Your reel is rammed packed with youth fighting, hoodies on mean street, and then we come to Three Rivers which is melodic with a slow paced intriguing narrative. How did you convince the client that you were the right director to shoot this?
Three Rivers was definitely a new experience. The first project I did for Golden Goose had more of an aggressive, loud and vibrant feel. It was cut with different scenes I collected from the streets of LA. They really liked the film and asked me back to shoot their next collection, but this time for women. I was given a lot of creative freedom and the only request was to have three female characters. It was more my personal need to step out of my comfort zone, and work on a narrative to portray the collection.
Please tell us about the narrative. Did you write the treatment as you were writing the script, or to put it in another way – did the visuals evolve as you wrote the words?
The visuals always come first, before everything, and the rest just evolves around them. I usually start my creative process from a really simple idea, a piece of music, a color, an image, or a feeling that catches my attention. I just store it in the back of my mind and let it rest while I collect the other pieces, until it naturally develops into something more defined and structured.
With Three Rivers my initial idea was to shoot in a forest and put a marvelous house right in the middle of it, that’s a thing I always wanted to do. I wanted to surround my characters with gigantic trees, and then watch them spread around like tiny colorful dots over a green map. Then I just started shaping these elements around the idea of an infinite loop in which the three girls have been stuck forever. The idea of a modern fairy tale with a rather dark twist really fascinated me.
When all the pieces came together I prepared a treatment with my art director Ava Villafane and Golden Goose loved it. It was only at that moment that I started writing a script together with Ryan Weatroski. We originally had a dialogue between the characters, but during the shoot I had to cut the lines out because there was no time. We had to shoot the entire thing in less than 48 hours and our picture car broke on the first day as we parked it in front of the location. The FJ you see in the short actually belongs to our producer, Malcolm Duncan.
What is your background that led you to directing – to cinematography and editing too – as we see that you shoot and edit your own films.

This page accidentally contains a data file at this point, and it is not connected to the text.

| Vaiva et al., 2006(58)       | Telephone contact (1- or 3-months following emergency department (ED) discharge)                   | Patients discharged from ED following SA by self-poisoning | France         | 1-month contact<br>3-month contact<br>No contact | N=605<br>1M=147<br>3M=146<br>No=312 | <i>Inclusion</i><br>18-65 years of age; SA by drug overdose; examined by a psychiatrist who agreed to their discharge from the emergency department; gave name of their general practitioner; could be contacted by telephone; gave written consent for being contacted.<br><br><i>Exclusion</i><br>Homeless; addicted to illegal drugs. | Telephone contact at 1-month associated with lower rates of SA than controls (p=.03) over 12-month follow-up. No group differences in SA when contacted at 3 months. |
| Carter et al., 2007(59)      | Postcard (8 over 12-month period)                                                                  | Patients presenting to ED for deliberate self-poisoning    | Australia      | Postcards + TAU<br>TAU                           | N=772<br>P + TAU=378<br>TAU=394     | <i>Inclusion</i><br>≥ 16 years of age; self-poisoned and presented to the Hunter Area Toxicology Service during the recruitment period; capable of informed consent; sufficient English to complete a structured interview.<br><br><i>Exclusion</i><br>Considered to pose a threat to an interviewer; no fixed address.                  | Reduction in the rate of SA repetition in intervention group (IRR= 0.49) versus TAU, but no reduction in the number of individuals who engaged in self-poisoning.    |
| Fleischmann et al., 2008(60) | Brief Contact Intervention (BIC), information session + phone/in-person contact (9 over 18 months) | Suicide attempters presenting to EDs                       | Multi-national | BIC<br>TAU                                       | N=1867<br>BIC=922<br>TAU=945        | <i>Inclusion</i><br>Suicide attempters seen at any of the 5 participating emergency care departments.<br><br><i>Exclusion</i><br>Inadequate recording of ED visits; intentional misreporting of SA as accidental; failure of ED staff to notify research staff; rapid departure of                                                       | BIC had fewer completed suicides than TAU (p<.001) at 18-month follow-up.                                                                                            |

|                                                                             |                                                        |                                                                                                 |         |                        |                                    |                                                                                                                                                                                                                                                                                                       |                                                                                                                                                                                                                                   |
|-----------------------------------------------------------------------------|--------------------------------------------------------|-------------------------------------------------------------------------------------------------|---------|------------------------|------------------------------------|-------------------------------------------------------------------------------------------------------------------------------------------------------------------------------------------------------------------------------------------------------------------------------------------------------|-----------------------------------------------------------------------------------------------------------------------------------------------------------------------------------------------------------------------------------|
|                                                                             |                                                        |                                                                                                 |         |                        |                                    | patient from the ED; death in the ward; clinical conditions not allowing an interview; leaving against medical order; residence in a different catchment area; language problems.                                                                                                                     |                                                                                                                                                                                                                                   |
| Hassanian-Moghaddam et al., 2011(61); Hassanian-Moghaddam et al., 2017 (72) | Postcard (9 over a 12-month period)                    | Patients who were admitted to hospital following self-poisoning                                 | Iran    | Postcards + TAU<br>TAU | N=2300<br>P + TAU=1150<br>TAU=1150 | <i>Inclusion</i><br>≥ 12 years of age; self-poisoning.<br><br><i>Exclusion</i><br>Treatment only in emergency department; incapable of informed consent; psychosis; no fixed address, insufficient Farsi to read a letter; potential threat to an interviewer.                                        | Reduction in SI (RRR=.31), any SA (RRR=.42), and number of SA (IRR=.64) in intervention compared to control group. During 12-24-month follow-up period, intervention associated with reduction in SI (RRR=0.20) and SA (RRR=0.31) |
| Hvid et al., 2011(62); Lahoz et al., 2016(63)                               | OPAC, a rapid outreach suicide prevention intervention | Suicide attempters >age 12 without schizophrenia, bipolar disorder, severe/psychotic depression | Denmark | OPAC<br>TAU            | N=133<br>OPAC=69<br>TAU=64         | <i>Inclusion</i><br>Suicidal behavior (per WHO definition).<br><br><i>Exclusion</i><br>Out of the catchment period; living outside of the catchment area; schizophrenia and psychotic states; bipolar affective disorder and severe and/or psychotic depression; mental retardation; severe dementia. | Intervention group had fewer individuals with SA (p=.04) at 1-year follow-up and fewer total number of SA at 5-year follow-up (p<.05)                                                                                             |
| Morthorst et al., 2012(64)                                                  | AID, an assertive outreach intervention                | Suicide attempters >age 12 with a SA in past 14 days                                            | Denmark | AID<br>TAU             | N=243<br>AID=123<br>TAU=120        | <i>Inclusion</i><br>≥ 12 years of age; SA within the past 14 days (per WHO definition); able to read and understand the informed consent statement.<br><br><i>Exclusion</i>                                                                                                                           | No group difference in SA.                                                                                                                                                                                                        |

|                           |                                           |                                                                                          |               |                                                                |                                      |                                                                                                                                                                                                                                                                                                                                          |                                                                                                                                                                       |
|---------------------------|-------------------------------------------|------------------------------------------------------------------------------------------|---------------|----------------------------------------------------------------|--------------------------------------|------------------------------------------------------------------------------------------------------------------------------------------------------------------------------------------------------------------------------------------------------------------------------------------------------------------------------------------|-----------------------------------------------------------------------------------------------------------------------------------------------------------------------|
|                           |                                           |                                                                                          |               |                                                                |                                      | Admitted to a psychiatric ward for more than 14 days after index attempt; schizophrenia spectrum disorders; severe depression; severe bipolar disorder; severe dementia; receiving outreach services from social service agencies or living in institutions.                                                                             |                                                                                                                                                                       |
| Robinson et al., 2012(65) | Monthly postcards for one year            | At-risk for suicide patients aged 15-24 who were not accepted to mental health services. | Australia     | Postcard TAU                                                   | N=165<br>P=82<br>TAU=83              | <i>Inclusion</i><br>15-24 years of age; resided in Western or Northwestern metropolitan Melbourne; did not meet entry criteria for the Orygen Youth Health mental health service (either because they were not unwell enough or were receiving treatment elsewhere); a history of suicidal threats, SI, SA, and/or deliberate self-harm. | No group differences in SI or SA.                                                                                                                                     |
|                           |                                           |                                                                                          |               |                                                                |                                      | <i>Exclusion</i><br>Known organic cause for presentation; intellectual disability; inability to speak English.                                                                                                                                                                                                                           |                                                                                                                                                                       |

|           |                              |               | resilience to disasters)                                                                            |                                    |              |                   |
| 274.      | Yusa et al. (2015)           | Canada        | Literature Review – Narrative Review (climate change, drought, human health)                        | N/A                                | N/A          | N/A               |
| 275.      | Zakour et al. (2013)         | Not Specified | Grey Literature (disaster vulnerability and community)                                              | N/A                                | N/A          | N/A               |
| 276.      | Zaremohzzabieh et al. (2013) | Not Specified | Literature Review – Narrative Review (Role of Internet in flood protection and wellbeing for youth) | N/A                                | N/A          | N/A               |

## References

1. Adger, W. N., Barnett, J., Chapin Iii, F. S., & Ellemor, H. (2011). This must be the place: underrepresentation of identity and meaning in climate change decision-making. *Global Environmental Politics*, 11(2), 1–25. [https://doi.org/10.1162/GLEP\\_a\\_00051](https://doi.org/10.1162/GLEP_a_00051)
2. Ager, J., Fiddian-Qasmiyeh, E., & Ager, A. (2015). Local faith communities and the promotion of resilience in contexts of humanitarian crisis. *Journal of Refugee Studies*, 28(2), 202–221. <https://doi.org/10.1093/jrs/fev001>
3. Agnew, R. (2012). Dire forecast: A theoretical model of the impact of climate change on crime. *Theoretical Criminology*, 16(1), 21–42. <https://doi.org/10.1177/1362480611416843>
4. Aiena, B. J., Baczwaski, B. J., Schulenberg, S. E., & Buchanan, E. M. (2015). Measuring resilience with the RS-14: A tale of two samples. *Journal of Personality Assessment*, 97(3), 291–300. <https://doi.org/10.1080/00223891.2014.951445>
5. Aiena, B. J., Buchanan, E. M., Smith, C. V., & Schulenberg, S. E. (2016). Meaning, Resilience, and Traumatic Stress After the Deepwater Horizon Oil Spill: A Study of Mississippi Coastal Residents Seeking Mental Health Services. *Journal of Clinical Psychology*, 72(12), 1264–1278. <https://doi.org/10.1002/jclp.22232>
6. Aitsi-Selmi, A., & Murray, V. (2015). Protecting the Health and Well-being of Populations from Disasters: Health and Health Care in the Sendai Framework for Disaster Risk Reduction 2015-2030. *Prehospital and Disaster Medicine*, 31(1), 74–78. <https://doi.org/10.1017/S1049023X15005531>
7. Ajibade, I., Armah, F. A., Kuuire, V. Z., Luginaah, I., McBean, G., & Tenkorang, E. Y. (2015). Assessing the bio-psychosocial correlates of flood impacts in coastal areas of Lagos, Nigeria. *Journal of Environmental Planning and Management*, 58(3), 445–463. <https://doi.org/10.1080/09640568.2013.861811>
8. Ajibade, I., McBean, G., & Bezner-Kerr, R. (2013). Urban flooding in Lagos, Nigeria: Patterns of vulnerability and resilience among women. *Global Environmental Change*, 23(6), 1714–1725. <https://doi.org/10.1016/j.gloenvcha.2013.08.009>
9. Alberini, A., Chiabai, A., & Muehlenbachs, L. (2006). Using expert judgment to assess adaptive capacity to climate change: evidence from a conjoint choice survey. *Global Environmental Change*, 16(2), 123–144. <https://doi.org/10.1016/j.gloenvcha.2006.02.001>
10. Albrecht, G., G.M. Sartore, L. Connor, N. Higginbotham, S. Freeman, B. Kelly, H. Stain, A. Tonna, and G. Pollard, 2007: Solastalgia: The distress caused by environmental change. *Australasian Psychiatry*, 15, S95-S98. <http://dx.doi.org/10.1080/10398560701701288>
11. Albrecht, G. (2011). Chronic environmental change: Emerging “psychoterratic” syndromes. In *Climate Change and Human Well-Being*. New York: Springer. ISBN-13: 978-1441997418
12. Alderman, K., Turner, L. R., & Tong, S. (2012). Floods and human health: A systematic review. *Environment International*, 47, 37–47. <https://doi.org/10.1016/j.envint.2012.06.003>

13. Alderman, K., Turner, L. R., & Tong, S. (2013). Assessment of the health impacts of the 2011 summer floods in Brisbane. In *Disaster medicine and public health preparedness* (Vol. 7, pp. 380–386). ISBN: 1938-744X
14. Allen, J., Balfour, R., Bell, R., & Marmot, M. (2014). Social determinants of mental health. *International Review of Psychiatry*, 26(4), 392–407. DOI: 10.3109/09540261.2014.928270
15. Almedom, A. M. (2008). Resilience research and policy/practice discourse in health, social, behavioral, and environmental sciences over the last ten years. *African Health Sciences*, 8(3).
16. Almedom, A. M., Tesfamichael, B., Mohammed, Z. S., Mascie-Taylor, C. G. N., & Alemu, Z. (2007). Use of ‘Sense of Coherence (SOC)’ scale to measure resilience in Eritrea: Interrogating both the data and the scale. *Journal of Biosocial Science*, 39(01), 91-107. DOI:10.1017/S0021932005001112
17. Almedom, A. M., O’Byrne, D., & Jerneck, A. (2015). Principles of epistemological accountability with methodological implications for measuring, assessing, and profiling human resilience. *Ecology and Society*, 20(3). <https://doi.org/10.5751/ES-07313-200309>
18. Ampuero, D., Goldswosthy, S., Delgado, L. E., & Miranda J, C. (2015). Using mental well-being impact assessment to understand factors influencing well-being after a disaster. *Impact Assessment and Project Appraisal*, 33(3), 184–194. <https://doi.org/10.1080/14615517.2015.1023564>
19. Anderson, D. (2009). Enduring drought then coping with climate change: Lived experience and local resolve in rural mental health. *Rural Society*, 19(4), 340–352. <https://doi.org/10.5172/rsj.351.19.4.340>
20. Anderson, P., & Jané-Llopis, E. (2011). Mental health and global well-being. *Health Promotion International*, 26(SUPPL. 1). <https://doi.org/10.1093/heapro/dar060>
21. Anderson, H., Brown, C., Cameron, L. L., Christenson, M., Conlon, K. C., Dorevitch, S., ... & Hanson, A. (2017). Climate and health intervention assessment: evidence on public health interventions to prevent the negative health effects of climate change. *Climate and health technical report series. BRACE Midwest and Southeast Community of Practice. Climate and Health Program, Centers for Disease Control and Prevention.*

My dad has always had a great passion for photography and so I grew up with a lot of cameras and lenses lying around the house. When I started approaching film I was at my first year of business school at a college in Milan, everything started quite randomly. I took a small HD cam to a club and shot some footage of my friends. Soon I started carrying a 7D around trying to capture everything that interested me. By the time I graduated three years later, I was shooting music videos and fashion films. At that point I wasn’t sure if continuing my studies and pursuing a career in business or risk everything and start all over again in film. I took some time off to think about my future and in the meantime I kept shooting in order to develop a portfolio. A year later I was leaving Europe and starting my first day at Art Center College of Design in Pasadena, where I am currently studying.
Yes I’ve always shot and edited my own works, but with Three Rivers I really wanted to break away from my style and completely focus on directing. For this reason I asked Edward Tran to shoot it and Aaron Bencid to edit it, both really talented Art Center students.
Whereabouts are you based?
At the moment I live in Los Angeles, but I go back to Milan at least two or three times a year. I have three more terms before I graduate but I’m not sure where I’ll go from there.
Music videos, fashion, or commercials – where does your heart lie?
I’m really open to everything. Working with music and fashion is always fun, because you are usually given more freedom to execute your vision with less limitations, while in commercials the rules are a lot different. I recently joined two production companies in Europe and I’m really excited about that. I’m also planning to shoot some shorts in the future, my ultimate goal is to direct a feature some day.
List five inspirations that have connected with you recently:
Il Deserto Rosso – Michelangelo Antonioni
Aquaplano – Resident Advisor.465
21_21 Motion Science Exhibition– Tokyo
The Salt of the Earth – Sebastiao Salgado
The Well HC – Aaron Wiesenfeld
Represented: Think Cattleya